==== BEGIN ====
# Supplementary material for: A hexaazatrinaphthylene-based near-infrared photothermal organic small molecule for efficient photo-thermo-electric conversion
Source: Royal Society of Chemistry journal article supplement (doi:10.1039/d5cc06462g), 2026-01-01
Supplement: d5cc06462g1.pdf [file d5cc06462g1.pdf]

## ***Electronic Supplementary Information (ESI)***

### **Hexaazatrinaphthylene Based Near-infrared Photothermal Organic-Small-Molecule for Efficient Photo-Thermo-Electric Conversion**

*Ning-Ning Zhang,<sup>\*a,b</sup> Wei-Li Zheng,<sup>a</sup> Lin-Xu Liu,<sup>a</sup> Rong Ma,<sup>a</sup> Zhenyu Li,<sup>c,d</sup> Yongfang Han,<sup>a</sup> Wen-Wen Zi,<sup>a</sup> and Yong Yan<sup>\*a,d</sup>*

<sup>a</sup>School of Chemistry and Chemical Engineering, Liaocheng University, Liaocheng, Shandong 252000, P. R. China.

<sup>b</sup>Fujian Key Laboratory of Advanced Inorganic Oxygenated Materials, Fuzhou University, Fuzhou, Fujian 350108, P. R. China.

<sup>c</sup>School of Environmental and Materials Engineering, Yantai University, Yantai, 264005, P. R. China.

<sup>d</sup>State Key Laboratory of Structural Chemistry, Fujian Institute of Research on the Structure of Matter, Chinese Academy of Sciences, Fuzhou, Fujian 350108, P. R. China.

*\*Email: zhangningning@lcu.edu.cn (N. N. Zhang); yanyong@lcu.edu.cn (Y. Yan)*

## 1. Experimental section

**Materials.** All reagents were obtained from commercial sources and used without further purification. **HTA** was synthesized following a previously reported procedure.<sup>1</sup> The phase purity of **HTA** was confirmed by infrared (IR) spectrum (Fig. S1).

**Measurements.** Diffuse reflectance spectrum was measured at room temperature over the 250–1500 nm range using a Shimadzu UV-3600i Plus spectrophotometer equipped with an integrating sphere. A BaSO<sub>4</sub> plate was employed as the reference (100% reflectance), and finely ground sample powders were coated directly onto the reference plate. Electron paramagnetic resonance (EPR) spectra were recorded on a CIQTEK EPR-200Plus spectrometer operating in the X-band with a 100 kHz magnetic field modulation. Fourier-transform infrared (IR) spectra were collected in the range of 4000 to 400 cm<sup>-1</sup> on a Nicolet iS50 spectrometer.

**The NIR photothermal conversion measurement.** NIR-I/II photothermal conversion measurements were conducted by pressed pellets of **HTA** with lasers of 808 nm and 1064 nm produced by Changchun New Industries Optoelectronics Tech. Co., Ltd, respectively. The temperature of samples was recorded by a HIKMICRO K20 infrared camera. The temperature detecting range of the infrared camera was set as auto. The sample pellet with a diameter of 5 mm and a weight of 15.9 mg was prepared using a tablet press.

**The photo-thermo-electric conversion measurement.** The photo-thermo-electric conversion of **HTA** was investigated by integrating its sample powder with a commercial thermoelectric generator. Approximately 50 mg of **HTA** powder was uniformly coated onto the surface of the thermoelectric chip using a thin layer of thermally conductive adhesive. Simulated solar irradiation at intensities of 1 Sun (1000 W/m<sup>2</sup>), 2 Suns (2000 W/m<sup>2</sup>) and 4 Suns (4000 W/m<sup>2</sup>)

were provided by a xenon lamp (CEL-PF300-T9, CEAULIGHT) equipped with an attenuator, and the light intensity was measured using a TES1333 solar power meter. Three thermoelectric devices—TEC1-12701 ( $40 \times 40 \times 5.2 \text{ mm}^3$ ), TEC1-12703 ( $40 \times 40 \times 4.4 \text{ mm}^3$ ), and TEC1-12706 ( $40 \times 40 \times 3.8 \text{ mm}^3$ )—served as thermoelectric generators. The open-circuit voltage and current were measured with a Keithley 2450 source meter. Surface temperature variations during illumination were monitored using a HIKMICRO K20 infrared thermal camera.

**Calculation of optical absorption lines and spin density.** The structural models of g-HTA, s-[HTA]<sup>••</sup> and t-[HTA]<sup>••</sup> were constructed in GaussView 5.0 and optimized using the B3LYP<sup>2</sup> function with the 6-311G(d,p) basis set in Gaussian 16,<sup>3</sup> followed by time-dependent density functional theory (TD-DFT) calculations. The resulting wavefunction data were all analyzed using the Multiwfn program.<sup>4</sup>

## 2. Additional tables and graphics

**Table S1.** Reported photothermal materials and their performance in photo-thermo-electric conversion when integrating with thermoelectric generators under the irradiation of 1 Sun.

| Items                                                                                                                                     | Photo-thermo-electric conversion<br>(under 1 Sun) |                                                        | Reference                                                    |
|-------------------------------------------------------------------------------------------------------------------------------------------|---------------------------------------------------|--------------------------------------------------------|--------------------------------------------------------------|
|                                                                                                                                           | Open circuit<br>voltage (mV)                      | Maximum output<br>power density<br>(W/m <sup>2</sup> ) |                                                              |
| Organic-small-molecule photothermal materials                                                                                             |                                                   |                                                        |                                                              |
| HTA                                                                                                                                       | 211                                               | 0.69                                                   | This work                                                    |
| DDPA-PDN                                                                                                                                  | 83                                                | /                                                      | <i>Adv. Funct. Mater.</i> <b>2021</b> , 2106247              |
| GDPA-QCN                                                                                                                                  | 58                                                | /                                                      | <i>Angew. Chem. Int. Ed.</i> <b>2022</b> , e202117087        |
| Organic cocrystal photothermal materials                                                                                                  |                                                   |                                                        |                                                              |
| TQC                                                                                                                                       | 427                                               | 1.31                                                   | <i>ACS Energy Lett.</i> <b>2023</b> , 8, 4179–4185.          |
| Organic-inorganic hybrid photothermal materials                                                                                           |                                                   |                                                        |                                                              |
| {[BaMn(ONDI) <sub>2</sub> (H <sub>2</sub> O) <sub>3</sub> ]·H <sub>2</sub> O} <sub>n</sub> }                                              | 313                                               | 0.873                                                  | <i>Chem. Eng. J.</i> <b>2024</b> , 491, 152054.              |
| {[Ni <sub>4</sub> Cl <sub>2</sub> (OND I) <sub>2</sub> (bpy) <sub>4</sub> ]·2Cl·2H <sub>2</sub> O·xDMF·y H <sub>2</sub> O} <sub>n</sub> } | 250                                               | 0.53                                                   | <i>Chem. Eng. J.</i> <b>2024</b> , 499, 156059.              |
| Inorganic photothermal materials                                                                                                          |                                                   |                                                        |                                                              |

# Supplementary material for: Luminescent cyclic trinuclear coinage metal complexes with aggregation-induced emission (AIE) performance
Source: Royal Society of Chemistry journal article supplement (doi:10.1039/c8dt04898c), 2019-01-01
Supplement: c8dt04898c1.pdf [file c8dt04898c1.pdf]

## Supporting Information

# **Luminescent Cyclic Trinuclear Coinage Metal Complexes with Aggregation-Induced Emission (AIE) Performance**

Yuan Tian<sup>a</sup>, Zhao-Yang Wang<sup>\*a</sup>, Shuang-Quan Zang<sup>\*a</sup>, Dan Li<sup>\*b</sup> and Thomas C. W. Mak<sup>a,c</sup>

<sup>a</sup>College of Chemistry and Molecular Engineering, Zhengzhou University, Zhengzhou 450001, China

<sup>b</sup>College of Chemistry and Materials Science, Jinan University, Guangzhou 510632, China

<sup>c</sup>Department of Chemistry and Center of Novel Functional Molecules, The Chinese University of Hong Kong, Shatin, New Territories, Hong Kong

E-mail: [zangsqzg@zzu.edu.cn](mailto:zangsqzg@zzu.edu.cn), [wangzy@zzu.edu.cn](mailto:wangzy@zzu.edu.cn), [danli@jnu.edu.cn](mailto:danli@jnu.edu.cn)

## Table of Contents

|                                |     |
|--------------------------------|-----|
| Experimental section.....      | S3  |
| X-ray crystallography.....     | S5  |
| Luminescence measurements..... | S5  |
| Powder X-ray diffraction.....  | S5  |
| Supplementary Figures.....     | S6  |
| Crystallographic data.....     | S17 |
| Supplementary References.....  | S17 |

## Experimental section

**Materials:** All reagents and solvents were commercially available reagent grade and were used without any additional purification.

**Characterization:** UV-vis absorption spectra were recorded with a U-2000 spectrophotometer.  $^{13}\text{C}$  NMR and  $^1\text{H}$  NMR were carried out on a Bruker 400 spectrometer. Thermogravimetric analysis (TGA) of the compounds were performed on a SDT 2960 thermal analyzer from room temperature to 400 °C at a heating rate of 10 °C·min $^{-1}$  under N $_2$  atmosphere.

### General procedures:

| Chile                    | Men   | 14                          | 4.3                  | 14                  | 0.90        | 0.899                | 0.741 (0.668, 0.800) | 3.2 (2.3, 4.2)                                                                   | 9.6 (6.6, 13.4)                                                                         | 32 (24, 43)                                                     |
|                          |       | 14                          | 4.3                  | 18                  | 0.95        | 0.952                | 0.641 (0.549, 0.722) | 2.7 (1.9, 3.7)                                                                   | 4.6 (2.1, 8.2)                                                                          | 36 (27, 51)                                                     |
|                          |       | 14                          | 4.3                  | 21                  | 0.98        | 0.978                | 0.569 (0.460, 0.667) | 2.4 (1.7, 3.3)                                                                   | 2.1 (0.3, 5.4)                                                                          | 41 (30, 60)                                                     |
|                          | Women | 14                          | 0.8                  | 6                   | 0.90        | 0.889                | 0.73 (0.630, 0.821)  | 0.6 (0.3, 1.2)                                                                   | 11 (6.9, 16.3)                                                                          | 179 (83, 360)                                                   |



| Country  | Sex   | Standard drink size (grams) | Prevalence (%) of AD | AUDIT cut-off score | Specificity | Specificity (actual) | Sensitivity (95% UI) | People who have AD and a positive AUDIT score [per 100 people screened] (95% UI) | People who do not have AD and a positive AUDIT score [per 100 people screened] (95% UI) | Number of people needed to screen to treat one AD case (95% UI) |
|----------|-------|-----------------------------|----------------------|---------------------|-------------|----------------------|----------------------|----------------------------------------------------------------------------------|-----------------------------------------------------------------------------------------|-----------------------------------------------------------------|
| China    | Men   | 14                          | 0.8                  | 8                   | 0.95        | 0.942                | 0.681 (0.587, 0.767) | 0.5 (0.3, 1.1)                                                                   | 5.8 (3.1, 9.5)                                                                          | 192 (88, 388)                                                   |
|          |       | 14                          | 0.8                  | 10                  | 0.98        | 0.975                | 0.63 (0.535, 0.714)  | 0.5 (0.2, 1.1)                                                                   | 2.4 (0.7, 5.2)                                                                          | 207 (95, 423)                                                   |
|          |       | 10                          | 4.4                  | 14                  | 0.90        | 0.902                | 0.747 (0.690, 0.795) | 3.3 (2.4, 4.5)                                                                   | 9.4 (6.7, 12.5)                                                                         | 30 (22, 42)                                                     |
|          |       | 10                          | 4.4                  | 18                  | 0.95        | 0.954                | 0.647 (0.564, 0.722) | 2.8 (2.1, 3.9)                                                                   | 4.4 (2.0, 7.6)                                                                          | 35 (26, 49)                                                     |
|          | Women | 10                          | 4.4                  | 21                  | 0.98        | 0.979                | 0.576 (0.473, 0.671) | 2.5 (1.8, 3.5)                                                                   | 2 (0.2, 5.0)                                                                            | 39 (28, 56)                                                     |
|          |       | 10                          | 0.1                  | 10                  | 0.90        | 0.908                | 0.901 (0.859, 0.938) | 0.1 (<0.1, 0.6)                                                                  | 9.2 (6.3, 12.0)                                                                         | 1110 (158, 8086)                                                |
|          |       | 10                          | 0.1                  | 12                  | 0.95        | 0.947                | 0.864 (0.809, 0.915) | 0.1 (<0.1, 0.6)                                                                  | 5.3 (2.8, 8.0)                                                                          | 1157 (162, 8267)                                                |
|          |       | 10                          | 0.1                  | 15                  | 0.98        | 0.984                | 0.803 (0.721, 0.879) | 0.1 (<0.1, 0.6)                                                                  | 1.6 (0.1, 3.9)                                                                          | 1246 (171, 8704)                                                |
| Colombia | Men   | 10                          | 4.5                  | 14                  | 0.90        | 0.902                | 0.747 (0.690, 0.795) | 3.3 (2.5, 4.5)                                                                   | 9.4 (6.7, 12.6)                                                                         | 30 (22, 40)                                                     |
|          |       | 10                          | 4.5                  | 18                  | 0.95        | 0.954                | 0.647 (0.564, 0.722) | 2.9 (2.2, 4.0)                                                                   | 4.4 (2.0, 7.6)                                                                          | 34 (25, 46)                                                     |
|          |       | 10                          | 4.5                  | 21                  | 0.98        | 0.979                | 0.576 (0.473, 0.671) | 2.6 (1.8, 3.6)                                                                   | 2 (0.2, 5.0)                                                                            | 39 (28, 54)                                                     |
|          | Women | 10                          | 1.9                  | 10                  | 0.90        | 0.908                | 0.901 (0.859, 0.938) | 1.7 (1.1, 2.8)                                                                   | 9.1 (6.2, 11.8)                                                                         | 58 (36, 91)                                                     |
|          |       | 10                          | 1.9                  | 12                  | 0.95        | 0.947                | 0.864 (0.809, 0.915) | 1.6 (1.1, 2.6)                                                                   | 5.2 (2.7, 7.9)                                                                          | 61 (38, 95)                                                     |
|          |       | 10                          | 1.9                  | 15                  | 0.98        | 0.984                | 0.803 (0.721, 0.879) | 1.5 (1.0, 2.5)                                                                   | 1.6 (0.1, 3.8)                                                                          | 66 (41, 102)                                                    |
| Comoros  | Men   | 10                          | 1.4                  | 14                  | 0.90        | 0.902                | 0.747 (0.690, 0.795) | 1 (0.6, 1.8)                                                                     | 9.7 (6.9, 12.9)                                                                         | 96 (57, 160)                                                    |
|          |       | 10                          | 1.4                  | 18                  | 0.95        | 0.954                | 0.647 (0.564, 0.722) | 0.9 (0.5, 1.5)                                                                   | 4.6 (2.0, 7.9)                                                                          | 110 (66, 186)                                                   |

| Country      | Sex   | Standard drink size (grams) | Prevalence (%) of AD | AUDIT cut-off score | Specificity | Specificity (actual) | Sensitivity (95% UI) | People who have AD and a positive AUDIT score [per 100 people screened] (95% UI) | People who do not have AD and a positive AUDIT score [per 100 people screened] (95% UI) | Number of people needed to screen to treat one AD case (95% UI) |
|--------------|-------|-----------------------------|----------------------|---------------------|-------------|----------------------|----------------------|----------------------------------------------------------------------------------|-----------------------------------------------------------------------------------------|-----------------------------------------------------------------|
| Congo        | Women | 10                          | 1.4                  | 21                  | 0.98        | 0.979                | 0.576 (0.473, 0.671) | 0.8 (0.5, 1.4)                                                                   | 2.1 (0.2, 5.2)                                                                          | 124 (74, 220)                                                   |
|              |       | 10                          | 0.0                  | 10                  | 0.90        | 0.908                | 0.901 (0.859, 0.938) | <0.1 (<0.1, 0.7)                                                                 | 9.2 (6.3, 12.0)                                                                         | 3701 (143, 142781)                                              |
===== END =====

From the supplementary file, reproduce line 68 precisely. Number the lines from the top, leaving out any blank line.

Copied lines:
|          | Women | 10                          | 4.4                  | 21                  | 0.98        | 0.979                | 0.576 (0.473, 0.671) | 2.5 (1.8, 3.5)                                                                   | 2 (0.2, 5.0)                                                                            | 39 (28, 56)                                                     |